FreeBSD is Fun

Practical recipes for FreeBSD

Installing FreeBSD in OVH dedicated




French giant OVH is, at least at the moment of writing these lines, the largest dedicated server provider worldwide. So it only makes sense that we want our system of choice to work out of the box with their dedicated server line, named by the marketing guys as Bare Metal to difference it from their offerings in the vaporous and comfy realm of the cloud.

Unfortunately, OVH does not provide a FreeBSD install option anymore as they used to for a long time, but nothing stops us from installing it ourselves. It just means we won’t get any support from them regarding this setup, which is no big deal anyhow as they were not particularly enthusiastic about it in the first place.

As for us, it gives us a chance to get a bit more intimate with the child of the Berkeley Software Distribution. The first step in our journey is to visit the FreeBSD Project website and find out what’s the flavour of the day: at the moment of writing this article, 12.3, and 13.1 are the only supported releases. I opt for 12.3 and scroll down the release announcement until I find a Download link.

From all the files available here, I opt to download the file name FreeBSD-12.3-RELEASE-amd64-disc1.iso, which is a CD image, and save it to my PC.

Booting the installation CD

In the OVH customer area we choose the Bare Metal menu and select the server where we want to perform the installation from the Dedicated Servers list. At the default tab, just make sure the boot option is set to hard disk rather than rescue and then proceed to the IPMI tab. Here you will find the KVM option. KVM is the acronym of Keyboard Video Mouse and allows us to use our server as if we were sitting in front of the machine. Press “Start a KVM session in the browser”.

After some 30 seconds a new button will appear, “Access a KVM session on your browser”. After clicking on it we will find ourselves in front of a console screen. Press the button in the top right, “Select Media”, and choose the FreeBSD iso file we downloaded earlier. Finally, open the Power Options drop down menu and Reset the machine.

After a couple of minutes, the machine should start booting. If everything is correct, we will see a Kilobytes count increase in the top right, which means the console is streaming the iso file from our PC. If it doesn’t boot the CD, try resetting again or pausing your AdBlock.

Eventually, FreeBSD will boot and a a dialog will show up asking what we want to do with the CD. We will choose “Install”.

Many options in the Installer can be left as default or chosen to our preferences, except for a couple that I will detail below. Use the up and down arrow keys and Enter to change options.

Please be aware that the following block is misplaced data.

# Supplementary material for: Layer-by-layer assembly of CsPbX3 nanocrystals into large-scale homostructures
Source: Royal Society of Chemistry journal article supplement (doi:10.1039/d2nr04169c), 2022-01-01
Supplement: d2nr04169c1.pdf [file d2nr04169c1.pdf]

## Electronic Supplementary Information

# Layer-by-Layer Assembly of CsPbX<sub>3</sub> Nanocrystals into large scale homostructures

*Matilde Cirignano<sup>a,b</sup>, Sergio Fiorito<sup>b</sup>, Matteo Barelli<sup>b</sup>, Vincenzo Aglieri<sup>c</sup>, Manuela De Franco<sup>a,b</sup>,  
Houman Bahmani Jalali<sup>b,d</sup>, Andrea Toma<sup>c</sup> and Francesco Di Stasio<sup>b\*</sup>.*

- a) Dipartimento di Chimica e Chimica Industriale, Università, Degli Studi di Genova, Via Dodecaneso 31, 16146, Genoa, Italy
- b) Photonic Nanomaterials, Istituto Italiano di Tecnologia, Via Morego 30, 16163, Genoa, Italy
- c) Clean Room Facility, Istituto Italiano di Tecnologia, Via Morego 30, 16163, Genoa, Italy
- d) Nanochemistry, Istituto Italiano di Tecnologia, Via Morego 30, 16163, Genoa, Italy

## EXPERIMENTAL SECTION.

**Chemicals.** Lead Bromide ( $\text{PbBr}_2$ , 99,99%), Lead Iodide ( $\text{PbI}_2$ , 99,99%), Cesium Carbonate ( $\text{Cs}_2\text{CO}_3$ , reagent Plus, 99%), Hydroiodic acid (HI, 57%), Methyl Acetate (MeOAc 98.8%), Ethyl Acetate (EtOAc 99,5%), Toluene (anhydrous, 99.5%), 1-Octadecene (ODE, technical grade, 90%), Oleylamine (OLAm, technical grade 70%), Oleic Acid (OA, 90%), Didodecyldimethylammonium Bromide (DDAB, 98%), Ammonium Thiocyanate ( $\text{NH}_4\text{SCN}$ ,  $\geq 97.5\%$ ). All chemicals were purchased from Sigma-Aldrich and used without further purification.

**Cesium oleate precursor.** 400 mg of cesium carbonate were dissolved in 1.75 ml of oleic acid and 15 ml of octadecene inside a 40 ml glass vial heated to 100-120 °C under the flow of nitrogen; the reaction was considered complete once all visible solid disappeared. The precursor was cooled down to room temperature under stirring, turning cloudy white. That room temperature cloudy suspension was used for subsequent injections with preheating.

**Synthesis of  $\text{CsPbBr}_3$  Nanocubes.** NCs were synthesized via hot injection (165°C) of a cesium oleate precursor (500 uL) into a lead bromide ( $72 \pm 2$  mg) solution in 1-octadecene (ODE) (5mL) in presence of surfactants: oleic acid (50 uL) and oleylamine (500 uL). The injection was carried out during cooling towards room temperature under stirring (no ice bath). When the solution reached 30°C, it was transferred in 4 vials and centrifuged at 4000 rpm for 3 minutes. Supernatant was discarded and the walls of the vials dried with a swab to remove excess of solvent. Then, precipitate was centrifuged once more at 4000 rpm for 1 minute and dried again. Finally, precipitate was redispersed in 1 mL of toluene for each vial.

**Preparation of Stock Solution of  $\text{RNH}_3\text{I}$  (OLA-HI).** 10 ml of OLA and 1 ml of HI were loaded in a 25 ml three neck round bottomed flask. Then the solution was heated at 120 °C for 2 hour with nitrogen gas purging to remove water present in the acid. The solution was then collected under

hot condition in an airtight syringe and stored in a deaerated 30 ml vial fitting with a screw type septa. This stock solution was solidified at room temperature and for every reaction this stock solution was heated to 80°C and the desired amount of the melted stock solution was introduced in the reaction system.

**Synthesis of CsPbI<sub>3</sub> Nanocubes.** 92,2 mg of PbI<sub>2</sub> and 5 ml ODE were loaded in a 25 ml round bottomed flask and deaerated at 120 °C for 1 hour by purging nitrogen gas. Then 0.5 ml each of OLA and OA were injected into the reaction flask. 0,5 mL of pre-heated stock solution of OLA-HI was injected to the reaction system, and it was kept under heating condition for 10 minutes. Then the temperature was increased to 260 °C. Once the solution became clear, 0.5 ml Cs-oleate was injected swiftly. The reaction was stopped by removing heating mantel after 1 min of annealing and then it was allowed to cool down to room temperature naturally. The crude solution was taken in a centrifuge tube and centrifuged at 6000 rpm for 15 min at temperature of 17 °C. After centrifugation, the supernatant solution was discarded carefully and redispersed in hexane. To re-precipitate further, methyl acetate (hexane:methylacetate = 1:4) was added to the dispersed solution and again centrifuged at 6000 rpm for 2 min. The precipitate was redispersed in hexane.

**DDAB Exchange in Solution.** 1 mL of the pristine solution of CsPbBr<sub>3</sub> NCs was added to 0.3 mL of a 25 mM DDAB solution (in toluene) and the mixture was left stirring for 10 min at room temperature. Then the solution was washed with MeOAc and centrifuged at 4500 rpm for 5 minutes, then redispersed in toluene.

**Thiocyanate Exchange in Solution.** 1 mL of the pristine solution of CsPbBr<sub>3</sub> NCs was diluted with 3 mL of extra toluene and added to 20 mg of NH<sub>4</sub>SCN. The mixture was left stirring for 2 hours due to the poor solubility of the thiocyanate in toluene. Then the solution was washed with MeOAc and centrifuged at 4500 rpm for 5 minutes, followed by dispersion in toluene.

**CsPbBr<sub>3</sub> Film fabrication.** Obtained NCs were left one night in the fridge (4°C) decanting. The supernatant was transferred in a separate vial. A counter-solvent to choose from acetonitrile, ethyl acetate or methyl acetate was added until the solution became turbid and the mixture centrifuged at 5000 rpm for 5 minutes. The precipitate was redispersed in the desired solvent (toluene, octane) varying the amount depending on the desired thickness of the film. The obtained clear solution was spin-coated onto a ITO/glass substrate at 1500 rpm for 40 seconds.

Installation options


At the time of choosing a filesystem, we will choose ZFS. In the ZFS Configuration screen we will use our arrow keys and change Pool/Type of Disks from stripe to mirror.

This creates a RAID type setup where both disks are mirrored, that is, one is a copy of the other. This means that if one of the disk breaks, you will not lose your data but you can continue working normally – eventually getting the faulty drive replaced by OVH support. This comes at the cost of half the capacity of your drive but believe me, it’s worth it – unless you happen to be storing large amounts of disposable data on your server, today’s drives are more than big enough for most purposes.

Press arrow up and then enter to Proceed with installation. You will now be prompted to choose the drives to use for our mirror. Usually these will be called nvd0 and nvd1. Use the space bar to select them and then move the cursor to the bottom and press enter to proceed.


Under Distribution Select choose lib32.

Default services

When prompted to choose the default services to install, I recommend choosing local_unbound (caching DNS resolver – more on this later), sshd (the necessary SSH daemon) and ntpdate (check and correct our server’s date and time correct at boot time).


When asked if we want to set up IPv4 and IPv6 at this time, we will choose YES and then let it set up automatically. At the Name server screen type . in the Search field and Proceed. If automatic network setup doesn’t work, choose NO iand follow the instructions below. If it does, just skip to the next section.

Once the installation is finished, we are offered the option to make manual modifications in the shell. Here’s where we will configure the network, as manual setup is required in OVH. To this end, we will edit the following files.


ifconfig_ix0="inet <PRIMARY IP> netmask broadcast <PRIMARY IP>"
static_routes="gw1 gw2"
route_gw1="<gateway ip>/32 -iface <interface>"
route_gw2="default <GATEWAY IP>"



If you wonder what this IP address is, it’s the OVH DNS server. And in case you want to be clever and use Cloudflare ( or Google’s ( instead, you should be aware that OVH will route these addresses to their DNS.

Once the later change is saved and we’ve left the editor, type exit and enter to leave the shell and reboot.

Ready to rumble

Once the system is rebooted, all that’s left to do is to allow SSH to connect with root user* so we can continue our setup tasks in a more friendly environment

Edit /etc/ssh/sshd_config and uncomment and edit the following line:

PermitRootLogin yes

Save, exit and restart the ssh daemon for the changes to take effect:

service sshd restart

(*) This is of course not a secure setup and should be just a temporary solution allowing us to do the rest of the setup in a more comfortable environment than the KVM console. Once you are finished here, I recommend to set up SSH key authentication using the tutorial I have prepared to this effect.

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